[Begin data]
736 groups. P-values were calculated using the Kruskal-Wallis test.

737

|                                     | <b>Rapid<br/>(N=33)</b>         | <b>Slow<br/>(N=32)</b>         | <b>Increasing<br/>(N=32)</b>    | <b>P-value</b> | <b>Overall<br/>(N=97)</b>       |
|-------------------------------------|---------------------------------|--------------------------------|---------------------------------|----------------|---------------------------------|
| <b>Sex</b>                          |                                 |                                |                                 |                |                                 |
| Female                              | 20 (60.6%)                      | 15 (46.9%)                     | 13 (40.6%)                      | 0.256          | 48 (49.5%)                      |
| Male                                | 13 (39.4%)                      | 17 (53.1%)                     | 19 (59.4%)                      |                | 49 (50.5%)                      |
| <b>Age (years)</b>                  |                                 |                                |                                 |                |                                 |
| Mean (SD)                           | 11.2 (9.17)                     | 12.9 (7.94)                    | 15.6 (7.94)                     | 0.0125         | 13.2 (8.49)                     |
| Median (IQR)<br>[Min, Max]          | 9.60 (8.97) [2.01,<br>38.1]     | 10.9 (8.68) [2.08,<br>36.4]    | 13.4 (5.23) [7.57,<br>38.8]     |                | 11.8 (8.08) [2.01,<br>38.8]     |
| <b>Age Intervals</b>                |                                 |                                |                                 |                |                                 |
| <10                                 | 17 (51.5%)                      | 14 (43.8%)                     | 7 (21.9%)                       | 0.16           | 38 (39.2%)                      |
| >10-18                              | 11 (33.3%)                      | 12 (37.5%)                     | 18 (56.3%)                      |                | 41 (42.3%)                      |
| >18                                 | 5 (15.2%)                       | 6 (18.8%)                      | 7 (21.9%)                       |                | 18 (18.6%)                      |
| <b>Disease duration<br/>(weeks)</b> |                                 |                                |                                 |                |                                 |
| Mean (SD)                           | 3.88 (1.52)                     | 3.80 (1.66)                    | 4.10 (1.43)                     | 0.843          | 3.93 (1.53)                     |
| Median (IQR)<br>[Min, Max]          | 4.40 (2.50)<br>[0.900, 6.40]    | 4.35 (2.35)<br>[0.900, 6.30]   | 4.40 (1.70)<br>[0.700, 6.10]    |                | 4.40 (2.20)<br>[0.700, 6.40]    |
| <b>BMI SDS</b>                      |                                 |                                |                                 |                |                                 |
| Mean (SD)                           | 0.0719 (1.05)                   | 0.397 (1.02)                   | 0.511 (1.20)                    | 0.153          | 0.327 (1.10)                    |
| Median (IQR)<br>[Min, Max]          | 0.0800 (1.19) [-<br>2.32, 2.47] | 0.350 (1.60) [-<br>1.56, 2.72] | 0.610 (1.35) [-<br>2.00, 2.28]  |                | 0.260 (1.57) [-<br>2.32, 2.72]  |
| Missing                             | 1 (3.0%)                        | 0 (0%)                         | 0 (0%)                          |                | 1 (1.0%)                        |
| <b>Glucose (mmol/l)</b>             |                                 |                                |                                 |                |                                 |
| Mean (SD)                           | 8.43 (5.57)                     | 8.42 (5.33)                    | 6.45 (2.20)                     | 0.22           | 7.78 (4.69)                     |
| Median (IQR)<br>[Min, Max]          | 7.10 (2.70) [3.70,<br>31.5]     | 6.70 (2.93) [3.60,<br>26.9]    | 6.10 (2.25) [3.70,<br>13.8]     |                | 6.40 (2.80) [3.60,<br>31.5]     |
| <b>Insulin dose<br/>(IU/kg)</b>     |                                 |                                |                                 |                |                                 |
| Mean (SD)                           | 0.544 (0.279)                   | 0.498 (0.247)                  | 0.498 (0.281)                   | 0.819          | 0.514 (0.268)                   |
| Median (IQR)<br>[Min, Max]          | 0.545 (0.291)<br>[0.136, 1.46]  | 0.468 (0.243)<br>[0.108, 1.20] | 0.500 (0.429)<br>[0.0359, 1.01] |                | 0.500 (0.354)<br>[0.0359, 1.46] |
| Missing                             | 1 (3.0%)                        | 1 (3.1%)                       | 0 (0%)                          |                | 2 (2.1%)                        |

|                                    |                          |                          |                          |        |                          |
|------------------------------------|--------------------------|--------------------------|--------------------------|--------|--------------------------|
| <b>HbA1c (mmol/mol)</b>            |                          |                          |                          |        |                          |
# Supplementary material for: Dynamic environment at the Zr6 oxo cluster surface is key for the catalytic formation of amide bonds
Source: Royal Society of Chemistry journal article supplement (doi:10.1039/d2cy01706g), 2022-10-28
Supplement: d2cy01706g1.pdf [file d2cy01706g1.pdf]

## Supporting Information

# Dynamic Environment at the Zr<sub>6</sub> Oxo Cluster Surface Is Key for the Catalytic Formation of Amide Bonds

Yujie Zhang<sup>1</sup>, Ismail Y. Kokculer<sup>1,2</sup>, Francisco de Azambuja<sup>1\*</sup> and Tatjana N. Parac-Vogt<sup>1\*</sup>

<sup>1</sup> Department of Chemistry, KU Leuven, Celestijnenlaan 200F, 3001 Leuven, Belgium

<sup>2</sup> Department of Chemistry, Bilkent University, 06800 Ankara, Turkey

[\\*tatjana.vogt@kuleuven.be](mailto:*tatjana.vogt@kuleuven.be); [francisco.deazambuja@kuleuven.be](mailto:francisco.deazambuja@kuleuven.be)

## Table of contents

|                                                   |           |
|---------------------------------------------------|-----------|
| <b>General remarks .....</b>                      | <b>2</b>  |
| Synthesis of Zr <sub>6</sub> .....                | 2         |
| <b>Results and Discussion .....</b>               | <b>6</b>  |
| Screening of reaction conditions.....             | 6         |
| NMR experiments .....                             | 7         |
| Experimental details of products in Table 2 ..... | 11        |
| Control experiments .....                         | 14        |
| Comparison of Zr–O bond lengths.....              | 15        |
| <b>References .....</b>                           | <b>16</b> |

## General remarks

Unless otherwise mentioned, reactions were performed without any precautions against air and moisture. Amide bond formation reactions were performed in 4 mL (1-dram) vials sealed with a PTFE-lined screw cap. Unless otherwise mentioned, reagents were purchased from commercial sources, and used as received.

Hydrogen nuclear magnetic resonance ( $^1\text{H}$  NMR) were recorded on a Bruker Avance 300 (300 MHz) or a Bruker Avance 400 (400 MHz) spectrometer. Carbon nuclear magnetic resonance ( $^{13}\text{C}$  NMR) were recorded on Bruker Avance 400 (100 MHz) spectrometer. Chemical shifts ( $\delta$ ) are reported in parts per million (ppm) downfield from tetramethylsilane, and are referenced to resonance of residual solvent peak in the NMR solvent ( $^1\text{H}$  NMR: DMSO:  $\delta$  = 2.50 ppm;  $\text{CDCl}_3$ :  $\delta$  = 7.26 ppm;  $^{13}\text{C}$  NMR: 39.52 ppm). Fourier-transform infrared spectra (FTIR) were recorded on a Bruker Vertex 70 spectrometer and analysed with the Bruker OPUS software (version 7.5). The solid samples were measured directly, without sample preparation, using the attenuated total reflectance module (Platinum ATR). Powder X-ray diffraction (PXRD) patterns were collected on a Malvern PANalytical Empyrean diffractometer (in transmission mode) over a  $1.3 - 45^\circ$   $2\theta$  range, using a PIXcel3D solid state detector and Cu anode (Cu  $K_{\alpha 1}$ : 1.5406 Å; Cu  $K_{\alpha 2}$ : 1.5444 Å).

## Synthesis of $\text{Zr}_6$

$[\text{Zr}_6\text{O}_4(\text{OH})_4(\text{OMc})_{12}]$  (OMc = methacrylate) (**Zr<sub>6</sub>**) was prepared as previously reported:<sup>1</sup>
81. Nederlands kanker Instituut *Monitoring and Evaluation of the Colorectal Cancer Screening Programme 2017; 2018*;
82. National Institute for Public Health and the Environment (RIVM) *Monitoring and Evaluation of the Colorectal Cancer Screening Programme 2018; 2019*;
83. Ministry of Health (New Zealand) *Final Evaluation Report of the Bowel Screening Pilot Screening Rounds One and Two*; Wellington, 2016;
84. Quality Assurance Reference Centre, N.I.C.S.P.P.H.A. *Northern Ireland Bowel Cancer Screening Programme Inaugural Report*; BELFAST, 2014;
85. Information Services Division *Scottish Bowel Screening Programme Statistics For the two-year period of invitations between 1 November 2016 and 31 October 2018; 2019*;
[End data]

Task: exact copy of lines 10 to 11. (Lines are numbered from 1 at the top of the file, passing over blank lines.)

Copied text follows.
| Median (IQR)<br>[Min, Max]          | 9.60 (8.97) [2.01,<br>38.1]     | 10.9 (8.68) [2.08,<br>36.4]    | 13.4 (5.23) [7.57,<br>38.8]     |                | 11.8 (8.08) [2.01,<br>38.8]     |
| <b>Age Intervals</b>                |                                 |                                |                                 |                |                                 |